Bungalow Fires: Construction Dictates Tactics


The bungalow was the home design of choice for middle class America during the suburban housing boom, post-World War II. They’re everywhere. They provided a low-cost alternative to multifamily residences found in the inner city, provided plenty of room for the large families of the 1940s and 1950s, and were symbols of American prosperity during the Baby Boom.

Today, they have a new legacy: They are often the structures burning when we get called to residential fires. The reasons for their burning at such a high frequency are numerous, but two stand out as primary. These homes are commonplace in rundown neighborhoods where pride of ownership has been replaced with renters who have little regard for property values, maintenance, housekeeping, or fire safety. Additionally, since so many of these houses are in existence, we see them in fire situations often based solely on their number.

This article addresses fires in bungalow-type, single-family residences, the unique characteristics of this construction style, and problems I have so often observed.




The basic construction of a bungalow, or “story and a half,” is a rectangular house, often on a basement that is approximately five to six feet in the ground, with a partial second-floor covering the middle section of the structure. A bungalow has a few common characteristics that stand out as obvious signs of the construction type. During construction, most builders included a window on each end of the house, centered under the peak. The roof pitch is typically 12:12 or steeper. There will normally be a gable vent above the window on each end of the house. Frequently, roof vents can be found approximately one-third of the way up the roof on both the front and rear of the home. Bungalows typically do not have significant overhangs, although some have been added later as the homes were remodeled.

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(1) Typical bungalow identifiers include a centered second-floor window, a gable vent, an exposed foundation, and a side door. (Photos by Richard L. Story.)

Inside the home, the layout typically consists of an interior stairway, with the basement stairway in front of a side entrance. The first floor consists of a kitchen/dining area, a living room, a bathroom, and two bedrooms. The stairway to the second floor leads up from the living room to an area approximately 12 feet wide by the length of the house. Knee walls, approximately three to four feet high, are down both sides of the space. A sloped section of ceiling and a small section of flat ceiling are in the center of the space. These homes are often finished inside with wet plaster, creating a significant fire barrier between the living space and the structural voids. The second floor was normally constructed to be a “bonus room” for future finishing by the homeowner and, therefore, may be present in any number of layouts and finish materials. I have seen them completely unfinished, finished in drywall or wet plaster, knotty pine 1 × 6, and even plywood. Each finish creates challenges to firefighting operations.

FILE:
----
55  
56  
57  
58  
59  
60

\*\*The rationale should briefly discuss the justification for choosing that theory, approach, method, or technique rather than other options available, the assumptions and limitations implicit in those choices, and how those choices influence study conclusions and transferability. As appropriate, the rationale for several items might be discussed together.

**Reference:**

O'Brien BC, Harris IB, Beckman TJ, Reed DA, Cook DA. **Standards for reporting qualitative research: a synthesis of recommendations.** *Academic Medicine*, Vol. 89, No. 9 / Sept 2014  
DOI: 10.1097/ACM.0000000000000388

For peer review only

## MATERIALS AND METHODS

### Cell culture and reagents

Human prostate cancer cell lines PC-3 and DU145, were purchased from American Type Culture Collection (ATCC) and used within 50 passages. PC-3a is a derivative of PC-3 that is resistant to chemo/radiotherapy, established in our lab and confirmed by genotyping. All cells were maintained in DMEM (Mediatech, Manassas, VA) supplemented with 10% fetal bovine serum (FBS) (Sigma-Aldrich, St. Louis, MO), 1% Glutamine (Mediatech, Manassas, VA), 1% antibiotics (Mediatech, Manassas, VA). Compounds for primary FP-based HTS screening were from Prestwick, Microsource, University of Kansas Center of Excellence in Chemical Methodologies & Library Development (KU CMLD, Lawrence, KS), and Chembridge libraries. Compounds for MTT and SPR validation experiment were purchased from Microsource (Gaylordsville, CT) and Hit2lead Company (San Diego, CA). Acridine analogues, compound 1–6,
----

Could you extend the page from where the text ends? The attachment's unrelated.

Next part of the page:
The original kitchen cabinetry used a common construction technique from the period these homes were built. Modular cabinets were not the standard as they are today. Cabinets were built as a part of the structure, anchored securely to structural members such as wall studs and soffits. Left in their original condition, these cabinets provided a degree of safety from fire spread. However, most of these old cabinets have long since been replaced with modern modular cabinets. The old cabinets were often torn out and their structural members pried loose from the house structure, leaving openings that were conveniently covered by the new cabinets. Observers would never see the holes in the plaster walls and soffit, but a kitchen fire tells the tale almost immediately.




Kitchen fires in bungalows will normally turn into a second-floor attic fire unless you understand these characteristics and aggressively pursue the fire through these paths of travel. You need to enter the void space behind the knee walls in bungalow-style houses as soon as possible to find and stop fire spread. This is one time that making an assumption is the correct course of action. Assume that if there is fire behind a cabinet, there is fire behind the knee wall.